Attorneys general from 11 states and Washington, D.C. are suing the Trump administration in hopes of putting the brakes on association health plan expansion.
Expanding AHPs is a key plank in President Donald Trump’s healthcare platform, but critics call the plans “junk insurance” that will sidestep Affordable Care Act regulations.
Meanwhile, the House of Representatives passed two bills last week that look to lower restrictions on health savings accounts (HSAs).
Trump, who repeatedly calls the ACA a “disaster,” said AHPs and allowing anyone to get catastrophic health insurance will offer flexibility and reduce health insurance costs.
In announcing the final rule last month, the Department of Labor said the regulation included anti-discrimination protections similar to those for large employers. It also allows states to regulate AHPs.
Though supportive of those protections, AHP critics are still concerned about the plans. They charge that AHPs will offer fewer consumer protections, lead to higher premiums in individual and small-group markets and result in fraudulent companies in the AHP market.
Tempting people with lower-cost offerings, AHPs and catastrophic plans could cause millions to flee the ACA exchanges. A recent report from the Society of Actuaries predicted between 3% and 10% of those in ACA marketplace plans will leave for AHPs. Those people are more likely to be young and healthy. Leaving the marketplace plans will result in an unstable risk pool with higher premiums in the exchanges.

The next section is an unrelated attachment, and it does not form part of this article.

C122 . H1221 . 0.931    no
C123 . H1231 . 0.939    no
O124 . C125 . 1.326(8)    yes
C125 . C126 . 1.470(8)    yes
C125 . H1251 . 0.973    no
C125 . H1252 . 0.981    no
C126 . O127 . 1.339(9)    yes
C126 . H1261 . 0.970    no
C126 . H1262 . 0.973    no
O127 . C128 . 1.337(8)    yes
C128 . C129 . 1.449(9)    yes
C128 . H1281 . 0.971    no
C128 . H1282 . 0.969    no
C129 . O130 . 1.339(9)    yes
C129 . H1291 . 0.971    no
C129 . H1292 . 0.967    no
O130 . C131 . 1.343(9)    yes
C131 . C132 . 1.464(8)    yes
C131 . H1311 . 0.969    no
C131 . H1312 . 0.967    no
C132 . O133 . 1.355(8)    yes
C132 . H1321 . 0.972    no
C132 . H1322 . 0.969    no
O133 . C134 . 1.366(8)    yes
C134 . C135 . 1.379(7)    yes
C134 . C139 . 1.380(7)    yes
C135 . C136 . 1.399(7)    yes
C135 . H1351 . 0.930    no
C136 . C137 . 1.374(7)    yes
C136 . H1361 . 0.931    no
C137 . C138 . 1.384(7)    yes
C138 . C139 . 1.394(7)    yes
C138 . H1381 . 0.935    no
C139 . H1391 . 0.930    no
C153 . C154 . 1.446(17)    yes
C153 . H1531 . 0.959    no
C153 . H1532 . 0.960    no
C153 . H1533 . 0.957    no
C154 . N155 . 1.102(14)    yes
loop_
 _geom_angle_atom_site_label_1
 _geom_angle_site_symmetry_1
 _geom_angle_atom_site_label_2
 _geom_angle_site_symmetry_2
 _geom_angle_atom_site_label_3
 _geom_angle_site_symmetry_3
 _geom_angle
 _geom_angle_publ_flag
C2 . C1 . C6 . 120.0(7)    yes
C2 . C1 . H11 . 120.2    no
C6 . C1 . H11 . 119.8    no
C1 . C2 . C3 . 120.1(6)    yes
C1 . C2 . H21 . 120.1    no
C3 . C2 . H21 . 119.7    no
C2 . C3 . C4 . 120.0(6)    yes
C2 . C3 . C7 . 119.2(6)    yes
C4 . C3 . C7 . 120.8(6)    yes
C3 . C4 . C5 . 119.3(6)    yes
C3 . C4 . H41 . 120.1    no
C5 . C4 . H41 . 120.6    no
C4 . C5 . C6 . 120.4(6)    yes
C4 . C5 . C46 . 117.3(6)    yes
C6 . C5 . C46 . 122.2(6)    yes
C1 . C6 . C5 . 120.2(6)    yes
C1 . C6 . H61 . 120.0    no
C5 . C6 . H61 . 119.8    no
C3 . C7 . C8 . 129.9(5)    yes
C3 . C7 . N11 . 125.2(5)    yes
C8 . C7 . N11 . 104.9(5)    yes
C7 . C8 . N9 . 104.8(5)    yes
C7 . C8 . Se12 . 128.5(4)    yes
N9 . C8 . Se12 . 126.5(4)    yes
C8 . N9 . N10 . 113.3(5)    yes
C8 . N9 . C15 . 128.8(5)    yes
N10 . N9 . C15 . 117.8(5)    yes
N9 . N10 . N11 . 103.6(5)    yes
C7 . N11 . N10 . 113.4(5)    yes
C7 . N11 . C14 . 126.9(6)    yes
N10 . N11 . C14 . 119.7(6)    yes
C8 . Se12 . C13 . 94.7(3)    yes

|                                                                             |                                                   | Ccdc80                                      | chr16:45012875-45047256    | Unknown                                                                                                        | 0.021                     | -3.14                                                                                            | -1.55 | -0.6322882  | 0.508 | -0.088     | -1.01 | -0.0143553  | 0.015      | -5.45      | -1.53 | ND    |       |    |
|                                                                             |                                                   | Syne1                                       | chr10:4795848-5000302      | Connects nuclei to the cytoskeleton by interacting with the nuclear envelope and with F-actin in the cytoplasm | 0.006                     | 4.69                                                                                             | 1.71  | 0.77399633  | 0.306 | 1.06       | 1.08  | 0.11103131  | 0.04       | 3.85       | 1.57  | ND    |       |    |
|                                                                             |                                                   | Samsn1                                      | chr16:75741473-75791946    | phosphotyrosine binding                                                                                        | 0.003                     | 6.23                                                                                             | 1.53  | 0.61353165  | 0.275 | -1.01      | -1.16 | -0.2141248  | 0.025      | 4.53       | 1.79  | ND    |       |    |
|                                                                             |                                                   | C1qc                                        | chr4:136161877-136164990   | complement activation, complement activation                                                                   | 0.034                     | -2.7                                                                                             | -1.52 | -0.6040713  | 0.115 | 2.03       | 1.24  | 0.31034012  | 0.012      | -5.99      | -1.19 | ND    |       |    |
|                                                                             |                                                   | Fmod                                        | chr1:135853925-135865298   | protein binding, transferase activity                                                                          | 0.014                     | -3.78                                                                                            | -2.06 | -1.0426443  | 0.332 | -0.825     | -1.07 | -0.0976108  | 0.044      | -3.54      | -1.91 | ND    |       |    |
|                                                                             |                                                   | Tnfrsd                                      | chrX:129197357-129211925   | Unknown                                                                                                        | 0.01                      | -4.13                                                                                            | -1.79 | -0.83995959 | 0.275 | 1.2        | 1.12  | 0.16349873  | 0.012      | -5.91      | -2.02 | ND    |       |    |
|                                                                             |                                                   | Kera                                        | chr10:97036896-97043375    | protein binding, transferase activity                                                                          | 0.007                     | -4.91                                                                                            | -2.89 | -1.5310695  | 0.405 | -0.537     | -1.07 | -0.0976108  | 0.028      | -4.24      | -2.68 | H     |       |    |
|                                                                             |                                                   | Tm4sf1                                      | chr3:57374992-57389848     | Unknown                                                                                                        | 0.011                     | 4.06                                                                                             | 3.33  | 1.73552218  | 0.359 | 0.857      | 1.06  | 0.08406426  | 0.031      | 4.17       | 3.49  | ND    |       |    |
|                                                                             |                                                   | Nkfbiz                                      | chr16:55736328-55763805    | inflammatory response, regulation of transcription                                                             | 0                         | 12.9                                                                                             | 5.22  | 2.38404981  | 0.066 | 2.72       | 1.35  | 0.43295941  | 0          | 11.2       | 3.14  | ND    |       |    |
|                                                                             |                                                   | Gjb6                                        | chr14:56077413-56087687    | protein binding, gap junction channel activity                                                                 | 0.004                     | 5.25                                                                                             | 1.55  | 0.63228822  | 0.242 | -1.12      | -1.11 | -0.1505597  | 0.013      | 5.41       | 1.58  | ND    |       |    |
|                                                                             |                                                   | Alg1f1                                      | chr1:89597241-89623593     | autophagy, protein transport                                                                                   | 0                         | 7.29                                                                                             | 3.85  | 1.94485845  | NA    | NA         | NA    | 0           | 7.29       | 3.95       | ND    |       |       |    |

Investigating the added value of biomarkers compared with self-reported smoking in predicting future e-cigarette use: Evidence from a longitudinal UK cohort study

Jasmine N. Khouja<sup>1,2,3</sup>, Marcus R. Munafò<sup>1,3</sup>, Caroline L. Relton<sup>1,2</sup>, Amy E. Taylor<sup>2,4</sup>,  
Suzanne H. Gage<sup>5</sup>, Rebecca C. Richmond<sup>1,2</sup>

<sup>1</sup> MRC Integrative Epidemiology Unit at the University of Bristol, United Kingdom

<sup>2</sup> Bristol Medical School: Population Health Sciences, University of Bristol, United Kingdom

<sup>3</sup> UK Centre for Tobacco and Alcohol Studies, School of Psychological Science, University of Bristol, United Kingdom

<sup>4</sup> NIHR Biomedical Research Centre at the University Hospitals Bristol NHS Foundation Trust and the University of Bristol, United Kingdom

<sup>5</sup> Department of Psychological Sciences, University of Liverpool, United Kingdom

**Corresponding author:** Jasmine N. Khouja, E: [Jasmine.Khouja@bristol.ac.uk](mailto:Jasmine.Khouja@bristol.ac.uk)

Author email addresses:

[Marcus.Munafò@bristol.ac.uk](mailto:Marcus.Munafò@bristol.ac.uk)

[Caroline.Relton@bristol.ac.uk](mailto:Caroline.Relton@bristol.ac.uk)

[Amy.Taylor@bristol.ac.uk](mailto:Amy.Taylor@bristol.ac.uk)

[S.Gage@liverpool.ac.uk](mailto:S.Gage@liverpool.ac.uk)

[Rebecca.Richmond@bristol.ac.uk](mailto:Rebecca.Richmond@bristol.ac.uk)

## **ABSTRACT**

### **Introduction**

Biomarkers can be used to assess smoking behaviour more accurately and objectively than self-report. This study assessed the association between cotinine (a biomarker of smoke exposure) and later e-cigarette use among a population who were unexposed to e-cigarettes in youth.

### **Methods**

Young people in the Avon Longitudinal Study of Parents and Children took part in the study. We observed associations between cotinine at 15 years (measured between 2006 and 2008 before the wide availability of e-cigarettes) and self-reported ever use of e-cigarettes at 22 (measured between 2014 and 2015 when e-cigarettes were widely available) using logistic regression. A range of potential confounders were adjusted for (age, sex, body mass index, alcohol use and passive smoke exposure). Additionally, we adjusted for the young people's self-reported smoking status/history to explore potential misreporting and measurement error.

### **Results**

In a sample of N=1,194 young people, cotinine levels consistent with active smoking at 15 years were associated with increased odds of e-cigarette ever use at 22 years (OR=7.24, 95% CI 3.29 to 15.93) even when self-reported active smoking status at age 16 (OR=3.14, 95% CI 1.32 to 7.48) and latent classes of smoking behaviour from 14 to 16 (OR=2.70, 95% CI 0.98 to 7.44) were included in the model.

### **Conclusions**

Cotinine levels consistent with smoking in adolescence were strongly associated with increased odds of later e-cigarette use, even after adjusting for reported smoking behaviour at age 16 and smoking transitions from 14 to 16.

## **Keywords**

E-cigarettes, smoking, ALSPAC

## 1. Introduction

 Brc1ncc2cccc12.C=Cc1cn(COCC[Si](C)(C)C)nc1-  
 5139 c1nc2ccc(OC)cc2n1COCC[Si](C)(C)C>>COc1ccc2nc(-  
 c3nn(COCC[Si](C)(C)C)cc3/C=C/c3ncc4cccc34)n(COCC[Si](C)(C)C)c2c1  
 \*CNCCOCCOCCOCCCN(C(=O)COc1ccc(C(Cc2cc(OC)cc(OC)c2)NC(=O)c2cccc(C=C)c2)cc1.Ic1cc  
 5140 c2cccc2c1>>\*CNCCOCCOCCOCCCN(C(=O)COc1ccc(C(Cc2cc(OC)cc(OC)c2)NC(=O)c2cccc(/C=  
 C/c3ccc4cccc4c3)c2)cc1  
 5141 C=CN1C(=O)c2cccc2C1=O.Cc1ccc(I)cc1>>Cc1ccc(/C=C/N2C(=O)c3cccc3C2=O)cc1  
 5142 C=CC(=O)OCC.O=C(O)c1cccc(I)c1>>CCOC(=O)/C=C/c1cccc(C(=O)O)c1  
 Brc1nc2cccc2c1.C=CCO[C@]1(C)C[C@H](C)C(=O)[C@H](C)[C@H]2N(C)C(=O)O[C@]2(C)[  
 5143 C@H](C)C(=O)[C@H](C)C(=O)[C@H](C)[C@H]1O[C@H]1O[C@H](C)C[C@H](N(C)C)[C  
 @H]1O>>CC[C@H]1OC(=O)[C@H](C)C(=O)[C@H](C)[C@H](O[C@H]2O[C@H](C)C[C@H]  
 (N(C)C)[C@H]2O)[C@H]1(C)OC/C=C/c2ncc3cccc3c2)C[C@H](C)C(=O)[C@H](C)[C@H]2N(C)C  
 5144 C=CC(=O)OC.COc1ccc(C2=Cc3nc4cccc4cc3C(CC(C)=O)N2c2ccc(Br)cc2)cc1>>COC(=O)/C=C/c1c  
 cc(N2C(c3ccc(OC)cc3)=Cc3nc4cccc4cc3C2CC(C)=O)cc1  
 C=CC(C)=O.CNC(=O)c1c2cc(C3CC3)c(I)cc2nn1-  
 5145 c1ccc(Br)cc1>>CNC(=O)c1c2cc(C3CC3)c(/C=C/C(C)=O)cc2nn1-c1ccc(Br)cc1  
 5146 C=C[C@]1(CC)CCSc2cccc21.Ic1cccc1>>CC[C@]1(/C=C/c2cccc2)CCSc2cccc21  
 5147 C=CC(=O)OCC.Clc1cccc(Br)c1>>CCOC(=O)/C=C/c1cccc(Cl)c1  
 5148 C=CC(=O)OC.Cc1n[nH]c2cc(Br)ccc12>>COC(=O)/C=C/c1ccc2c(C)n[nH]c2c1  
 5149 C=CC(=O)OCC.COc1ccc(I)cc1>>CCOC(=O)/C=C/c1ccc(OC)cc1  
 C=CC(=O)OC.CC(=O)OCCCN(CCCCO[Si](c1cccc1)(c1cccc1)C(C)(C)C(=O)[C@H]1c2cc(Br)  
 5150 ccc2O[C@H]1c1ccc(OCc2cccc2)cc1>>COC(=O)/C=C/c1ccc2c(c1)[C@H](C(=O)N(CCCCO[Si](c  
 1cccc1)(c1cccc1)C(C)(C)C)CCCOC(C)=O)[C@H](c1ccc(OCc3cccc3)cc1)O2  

A recent report from Avalere predicted individual rates would increase by between 2.7% and 4% and small group by between 0.1% and 1.9% with AHP expansion. Avalere said 130,000 to 140,000 more people will become uninsured because of the premium increases in the individual market by 2022.
Millions of people and small employers once got coverage through AHPs. However, the ACA instituted consumer protections for AHPs and said they should be regulated the same as individual and small-group market plans, such as requiring them to cover people with pre-existing conditions. The consumer protections increased the costs of AHPs, and many of them folded. The Kaiser Family Foundation said only 6% of employers with fewer than 250 employees offered health insurance through AHPs in 2017.
The Trump administration wants to make AHPs a low-cost solution with fewer regulations and consumer protections. However, the lawsuit involving 11 states and Washington, D.C. alleges the Department of Labor’s rule to expand AHPs violates the Administrative Procedures Act. The suit said that allowing for more AHPs “increases the risk of fraud and harm to consumers, requires states to redirect significant enforcement resources to curb those risks and jeopardizes state efforts to protect their residents through stronger regulation. The rule is unlawful and should be vacated.”
Meanwhile, the Republican-led House of Representatives is promoting more use of health savings accounts, which are a crucial part of high-deductible health plans and the drive toward consumerism.
One bill the House passed would allow members more flexibility to use their HSA until meeting their deductible. It also lets spouses contribute to an HSA and loosens restrictions on how members can use the account. The second piece of legislation would let people set aside more money for their HSA. That bill would also reduce the health insurance tax for two years, a change supported by the insurance lobby. The ACA created the tax as a way to pay for coverage improvements, but payers say it increases premiums.